Editor's note: This popular story from the Daily Briefing's archives was republished on July 8, 2020.
Writing for Vox, Robert Pearl, a physician and former CEO of Kaiser's Permanente Medical Group, explains what leads people to make "regrettable" decisions—and how we can make better ones.
Pearl currently serves as a clinical professor of plastic surgery at Stanford University School of Medicine and is on the faculty of the Stanford Graduate School of Business.
The science behind bad decisions
According to Pearl, it's common for people to dismiss others' reckless decisions, and think we wouldn't do that ourselves. "But science tells us that we would, far more often than we’d like to believe," Pearl writes.
To figure out why smart people make "foolish" decisions, Pearl collaborated with George York, a neurologist with the University of California Davis, to sift through years of psychological literature and brain-scanning studies on the topic. The duo compared the scientific findings with first-hand accounts of people "doing remarkably irrational things" in politics, relationships, and everyday life.
Blame the 'brainshift'
Pearl and York's research revealed that "[u]nder the right circumstances, a subconscious neurobiological sequence in our brains causes us to perceive the world around us in ways that contradict objective reality, distorting what we see and hear," Pearl writes. "This powerful shift in perception is unrelated to our intelligence, morals, or past behaviors. In fact, we don't even know it's happening, nor can we control it."
Pearl and York said the phenomenon, which they named "brainshift," occurs in two contexts: situations involving high anxiety or a major reward.
According to Pearl, under these circumstances, any of us are capable of making "foolish" decisions. "[O]nce our perception is distorted, we act in ways that seem reasonable to us but foolish to observers," he writes.
The phenomenon, Pearl writes, "is best observed," in a 2005 study by Gregory Berns, a neuro-economist.
For the study, Berns directed five participants to look at 3-D shapes and guess whether the figures would match when rotated in a certain direction. However, unbeknown to the fifth participant, four of the five participants were actually part of Berns' research team. The four actors were instructed to blurt out incorrect answers to determine if the one participant would be influenced by the majority.
The study found that only 30% of the subjects answered correctly every time.
MRI scans showed differences in brain activity between people who answered correctly and people who didn't. When study participant did not conform to the response shouted by the research staff, MRI scans showed activity in the participant's amygdala, which is associated with fear and apprehension.
However, when the participant was influenced by the responses from Berns' research team, the MRI showed activity in the parietal lobe, which is responsible for our perceptions. That suggests, Pearl writes, that the research team's answers caused the subjects' brains to alter what they saw.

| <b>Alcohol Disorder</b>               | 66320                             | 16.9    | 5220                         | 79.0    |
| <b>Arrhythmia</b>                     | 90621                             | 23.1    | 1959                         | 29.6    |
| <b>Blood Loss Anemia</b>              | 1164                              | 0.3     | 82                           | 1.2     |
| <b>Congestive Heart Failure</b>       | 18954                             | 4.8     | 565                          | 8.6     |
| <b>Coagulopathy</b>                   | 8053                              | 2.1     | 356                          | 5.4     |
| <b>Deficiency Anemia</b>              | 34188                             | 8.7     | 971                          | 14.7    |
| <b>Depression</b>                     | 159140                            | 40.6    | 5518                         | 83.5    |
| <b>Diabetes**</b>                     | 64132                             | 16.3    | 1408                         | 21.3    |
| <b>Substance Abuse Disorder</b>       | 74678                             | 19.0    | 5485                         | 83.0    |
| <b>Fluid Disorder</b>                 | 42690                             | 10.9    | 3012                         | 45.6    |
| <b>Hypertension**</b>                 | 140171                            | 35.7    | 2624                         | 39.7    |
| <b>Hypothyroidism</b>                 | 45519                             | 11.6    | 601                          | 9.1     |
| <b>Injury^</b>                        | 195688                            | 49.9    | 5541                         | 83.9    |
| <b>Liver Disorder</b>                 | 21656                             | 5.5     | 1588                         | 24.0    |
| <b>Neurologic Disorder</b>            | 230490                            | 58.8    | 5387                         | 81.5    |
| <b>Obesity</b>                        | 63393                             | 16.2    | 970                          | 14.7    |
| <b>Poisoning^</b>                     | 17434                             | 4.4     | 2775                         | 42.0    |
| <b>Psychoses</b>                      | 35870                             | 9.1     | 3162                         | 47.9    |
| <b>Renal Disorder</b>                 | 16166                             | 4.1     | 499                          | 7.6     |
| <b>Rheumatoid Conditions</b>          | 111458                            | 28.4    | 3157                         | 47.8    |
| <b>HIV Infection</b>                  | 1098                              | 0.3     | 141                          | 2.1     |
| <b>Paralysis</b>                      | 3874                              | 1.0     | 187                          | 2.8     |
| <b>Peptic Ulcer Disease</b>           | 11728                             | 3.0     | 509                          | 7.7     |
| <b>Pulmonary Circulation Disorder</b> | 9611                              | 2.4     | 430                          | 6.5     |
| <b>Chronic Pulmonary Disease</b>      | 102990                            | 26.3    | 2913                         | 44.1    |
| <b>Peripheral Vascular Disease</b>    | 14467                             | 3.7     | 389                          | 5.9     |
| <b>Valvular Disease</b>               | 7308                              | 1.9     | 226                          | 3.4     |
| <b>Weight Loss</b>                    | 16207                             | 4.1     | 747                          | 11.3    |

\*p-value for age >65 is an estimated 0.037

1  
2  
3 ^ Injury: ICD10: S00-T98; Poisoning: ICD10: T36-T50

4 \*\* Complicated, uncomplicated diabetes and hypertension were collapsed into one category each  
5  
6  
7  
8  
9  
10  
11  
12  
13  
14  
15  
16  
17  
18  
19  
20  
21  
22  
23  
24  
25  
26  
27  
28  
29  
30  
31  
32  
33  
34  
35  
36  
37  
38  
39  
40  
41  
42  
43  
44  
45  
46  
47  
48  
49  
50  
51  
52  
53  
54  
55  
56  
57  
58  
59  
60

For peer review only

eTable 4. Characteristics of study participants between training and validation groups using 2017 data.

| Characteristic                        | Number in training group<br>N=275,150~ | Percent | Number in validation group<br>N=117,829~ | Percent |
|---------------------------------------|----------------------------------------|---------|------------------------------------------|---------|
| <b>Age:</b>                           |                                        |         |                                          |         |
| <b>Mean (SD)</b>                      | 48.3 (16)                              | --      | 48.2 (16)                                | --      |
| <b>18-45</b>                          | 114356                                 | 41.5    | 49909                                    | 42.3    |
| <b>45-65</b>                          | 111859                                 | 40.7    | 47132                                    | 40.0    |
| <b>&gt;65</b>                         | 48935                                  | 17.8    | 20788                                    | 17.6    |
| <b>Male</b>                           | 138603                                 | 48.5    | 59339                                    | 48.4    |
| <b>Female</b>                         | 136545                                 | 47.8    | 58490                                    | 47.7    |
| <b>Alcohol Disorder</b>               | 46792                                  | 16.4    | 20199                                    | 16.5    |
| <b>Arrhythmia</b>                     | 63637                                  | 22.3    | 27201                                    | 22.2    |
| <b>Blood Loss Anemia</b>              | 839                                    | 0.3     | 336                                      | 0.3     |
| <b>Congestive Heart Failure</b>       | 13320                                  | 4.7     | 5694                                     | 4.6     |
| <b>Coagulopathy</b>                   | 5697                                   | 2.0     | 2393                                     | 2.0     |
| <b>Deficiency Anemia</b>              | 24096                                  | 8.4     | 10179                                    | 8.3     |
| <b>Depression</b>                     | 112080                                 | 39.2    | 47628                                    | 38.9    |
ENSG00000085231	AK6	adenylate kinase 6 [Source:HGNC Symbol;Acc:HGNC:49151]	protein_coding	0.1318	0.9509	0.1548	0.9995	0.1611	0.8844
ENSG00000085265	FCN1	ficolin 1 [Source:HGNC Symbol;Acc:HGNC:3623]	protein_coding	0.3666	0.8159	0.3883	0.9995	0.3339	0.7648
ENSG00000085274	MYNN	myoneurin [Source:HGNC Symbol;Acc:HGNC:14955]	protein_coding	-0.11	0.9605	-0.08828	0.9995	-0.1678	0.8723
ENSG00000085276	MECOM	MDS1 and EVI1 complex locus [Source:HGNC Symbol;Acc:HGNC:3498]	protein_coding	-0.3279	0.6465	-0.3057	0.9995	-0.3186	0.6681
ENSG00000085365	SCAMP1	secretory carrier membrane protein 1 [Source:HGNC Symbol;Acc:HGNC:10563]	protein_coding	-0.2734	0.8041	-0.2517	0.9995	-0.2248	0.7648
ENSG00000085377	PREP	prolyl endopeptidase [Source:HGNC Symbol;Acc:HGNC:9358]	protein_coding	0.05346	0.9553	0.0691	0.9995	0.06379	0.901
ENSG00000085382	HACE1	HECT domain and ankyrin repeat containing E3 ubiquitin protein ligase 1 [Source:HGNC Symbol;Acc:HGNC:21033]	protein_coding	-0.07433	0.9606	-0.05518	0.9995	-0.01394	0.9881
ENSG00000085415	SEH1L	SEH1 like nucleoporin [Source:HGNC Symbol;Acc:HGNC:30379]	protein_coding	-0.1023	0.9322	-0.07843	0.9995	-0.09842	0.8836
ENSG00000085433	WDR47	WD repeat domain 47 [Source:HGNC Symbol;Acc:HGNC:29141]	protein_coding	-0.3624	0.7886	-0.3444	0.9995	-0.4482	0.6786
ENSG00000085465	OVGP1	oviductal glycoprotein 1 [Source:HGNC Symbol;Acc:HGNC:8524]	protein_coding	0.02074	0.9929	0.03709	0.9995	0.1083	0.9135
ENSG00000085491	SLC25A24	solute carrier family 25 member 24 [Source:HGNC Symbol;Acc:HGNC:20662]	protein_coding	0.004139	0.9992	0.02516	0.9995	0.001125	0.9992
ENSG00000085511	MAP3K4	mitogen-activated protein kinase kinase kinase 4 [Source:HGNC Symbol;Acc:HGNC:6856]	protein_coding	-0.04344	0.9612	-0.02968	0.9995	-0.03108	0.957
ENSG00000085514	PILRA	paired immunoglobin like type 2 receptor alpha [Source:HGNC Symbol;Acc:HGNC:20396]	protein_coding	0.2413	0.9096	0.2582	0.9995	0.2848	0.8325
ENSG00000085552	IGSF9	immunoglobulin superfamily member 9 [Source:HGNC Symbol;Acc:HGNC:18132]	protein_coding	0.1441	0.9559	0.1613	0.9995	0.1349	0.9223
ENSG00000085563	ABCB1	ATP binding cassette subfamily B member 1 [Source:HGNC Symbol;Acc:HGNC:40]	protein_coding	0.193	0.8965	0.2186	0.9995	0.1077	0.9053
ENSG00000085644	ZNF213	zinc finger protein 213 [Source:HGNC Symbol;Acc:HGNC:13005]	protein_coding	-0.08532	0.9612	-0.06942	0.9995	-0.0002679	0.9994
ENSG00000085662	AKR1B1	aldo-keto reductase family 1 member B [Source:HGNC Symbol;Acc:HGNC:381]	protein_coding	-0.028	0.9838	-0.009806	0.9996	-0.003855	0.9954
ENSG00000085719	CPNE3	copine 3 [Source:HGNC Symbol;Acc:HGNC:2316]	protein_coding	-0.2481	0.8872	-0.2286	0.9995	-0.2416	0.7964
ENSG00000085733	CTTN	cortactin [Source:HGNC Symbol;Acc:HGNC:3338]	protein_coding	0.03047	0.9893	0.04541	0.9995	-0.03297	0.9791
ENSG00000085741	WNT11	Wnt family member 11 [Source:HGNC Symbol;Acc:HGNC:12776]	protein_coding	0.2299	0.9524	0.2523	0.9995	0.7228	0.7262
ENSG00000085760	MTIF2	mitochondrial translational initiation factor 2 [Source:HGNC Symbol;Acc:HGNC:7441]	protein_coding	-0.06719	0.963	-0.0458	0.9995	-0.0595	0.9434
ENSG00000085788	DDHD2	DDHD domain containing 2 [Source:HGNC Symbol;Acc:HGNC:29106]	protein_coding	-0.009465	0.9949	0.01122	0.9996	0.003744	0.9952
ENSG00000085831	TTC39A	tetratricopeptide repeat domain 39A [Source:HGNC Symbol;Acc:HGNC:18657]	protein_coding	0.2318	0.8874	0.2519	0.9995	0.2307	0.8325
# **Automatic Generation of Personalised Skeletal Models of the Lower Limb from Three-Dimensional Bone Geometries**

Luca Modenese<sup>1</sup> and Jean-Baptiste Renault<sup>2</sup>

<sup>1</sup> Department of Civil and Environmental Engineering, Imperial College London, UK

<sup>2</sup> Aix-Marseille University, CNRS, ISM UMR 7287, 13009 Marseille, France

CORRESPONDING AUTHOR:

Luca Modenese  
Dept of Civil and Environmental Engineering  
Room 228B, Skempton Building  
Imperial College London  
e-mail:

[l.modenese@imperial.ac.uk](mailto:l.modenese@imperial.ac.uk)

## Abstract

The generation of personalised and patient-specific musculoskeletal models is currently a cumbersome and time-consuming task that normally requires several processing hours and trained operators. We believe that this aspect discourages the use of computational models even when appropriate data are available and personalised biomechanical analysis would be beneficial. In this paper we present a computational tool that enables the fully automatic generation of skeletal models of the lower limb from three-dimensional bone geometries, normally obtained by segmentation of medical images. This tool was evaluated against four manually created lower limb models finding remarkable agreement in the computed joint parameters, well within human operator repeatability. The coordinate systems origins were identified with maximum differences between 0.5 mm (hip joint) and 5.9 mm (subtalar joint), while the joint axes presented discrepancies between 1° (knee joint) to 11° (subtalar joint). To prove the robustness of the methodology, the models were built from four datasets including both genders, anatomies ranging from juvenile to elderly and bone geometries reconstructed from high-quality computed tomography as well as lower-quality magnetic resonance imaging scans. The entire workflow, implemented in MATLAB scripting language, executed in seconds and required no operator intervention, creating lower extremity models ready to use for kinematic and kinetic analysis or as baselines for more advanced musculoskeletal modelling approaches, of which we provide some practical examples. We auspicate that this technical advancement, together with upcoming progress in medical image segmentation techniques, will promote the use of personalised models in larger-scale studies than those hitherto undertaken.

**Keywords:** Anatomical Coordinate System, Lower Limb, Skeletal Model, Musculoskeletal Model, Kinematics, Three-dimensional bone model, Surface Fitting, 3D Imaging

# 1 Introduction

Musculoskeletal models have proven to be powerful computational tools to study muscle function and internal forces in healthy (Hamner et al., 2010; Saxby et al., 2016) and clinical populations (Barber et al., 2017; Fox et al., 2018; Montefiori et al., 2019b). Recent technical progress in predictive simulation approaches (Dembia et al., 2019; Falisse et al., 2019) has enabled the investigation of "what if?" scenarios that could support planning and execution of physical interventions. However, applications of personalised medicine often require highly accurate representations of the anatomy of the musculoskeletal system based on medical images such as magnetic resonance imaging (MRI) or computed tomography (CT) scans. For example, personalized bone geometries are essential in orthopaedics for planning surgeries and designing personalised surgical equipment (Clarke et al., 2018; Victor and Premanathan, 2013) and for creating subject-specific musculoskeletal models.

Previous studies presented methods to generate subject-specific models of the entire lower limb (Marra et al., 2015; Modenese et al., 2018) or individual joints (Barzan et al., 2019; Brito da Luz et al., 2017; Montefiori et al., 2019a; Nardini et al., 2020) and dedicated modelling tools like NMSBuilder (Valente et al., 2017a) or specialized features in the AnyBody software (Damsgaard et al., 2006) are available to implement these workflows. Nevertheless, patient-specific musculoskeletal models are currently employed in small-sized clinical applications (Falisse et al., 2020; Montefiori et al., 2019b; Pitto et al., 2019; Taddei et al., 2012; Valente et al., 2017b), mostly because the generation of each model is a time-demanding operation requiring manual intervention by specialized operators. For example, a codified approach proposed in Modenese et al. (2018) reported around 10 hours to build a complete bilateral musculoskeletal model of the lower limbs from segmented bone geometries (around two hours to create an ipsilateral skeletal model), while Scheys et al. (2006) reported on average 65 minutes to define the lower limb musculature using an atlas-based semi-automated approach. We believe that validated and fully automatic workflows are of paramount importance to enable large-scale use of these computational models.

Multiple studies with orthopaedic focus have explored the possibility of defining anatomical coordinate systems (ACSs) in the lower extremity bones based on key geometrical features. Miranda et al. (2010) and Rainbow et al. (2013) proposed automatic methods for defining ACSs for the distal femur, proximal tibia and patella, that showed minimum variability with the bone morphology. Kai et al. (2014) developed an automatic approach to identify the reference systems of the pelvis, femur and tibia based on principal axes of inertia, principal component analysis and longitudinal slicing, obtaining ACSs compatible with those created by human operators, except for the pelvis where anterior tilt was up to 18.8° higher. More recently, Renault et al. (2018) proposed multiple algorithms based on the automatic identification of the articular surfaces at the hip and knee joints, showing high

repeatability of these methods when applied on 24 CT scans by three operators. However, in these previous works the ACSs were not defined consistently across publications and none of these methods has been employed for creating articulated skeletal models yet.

Further, only 3.4% of subjects said they went along with the group despite having known the correct answer, demonstrating that the shift in perception was largely a subconscious response, Pearl writes.
High anxiety and high reward
In an earlier study, in 1973, researchers demonstrated how our decision-making can change when we are in high-stress situations.
For the study, researchers John Darley and Daniel Batson told a group of students to deliver a sermon on the parable of the Good Samaritan to a group of children across campus.
The researchers told some of the students, "It'll be a few minutes before they're ready for you, but you might as well head on over." The researchers told others "You're late. They were expecting you a few minutes ago. You'd better get moving."
When the students walked across campus, they came across a man who was moaning in pain and coughing in a doorway, but the results show that only 10% of the students who believed they were late stopped to help.
"The best explanation for this behavior is that, amid the anxiety of running late, most of the students experienced a perceptual shift that caused them not to see the man or recognize his distress," Pearl writes. "Otherwise, logically, all would have stopped to help."
How to stop making foolish decisions
So how can we stop making bad decisions? It's not easy, Pearl writes.
He explained that as humans, we tend to stand by our decisions, even the illogical ones, because of a phenomenon called anchoring. "That is, we filter out dissenting information while seeking data that confirms our original viewpoints," Pearl writes.
Although we have two subconscious phenomenon's working against us Pearl notes that there are a few steps we can take to avoid having to face long-lasting negative consequences due to our subconscious:
- Acknowledge "we are all vulnerable" to making bad decisions, "regardless of our ethics, social status, or IQ," Pearl writes;
- Identify situations that tend to "stoke [y]our fears and desires";
- If time allows, ask a friend, outsider, or expert for their opinion before making a decision; and
- Consider the "worst thing that could happen," and how you would feel if it occurred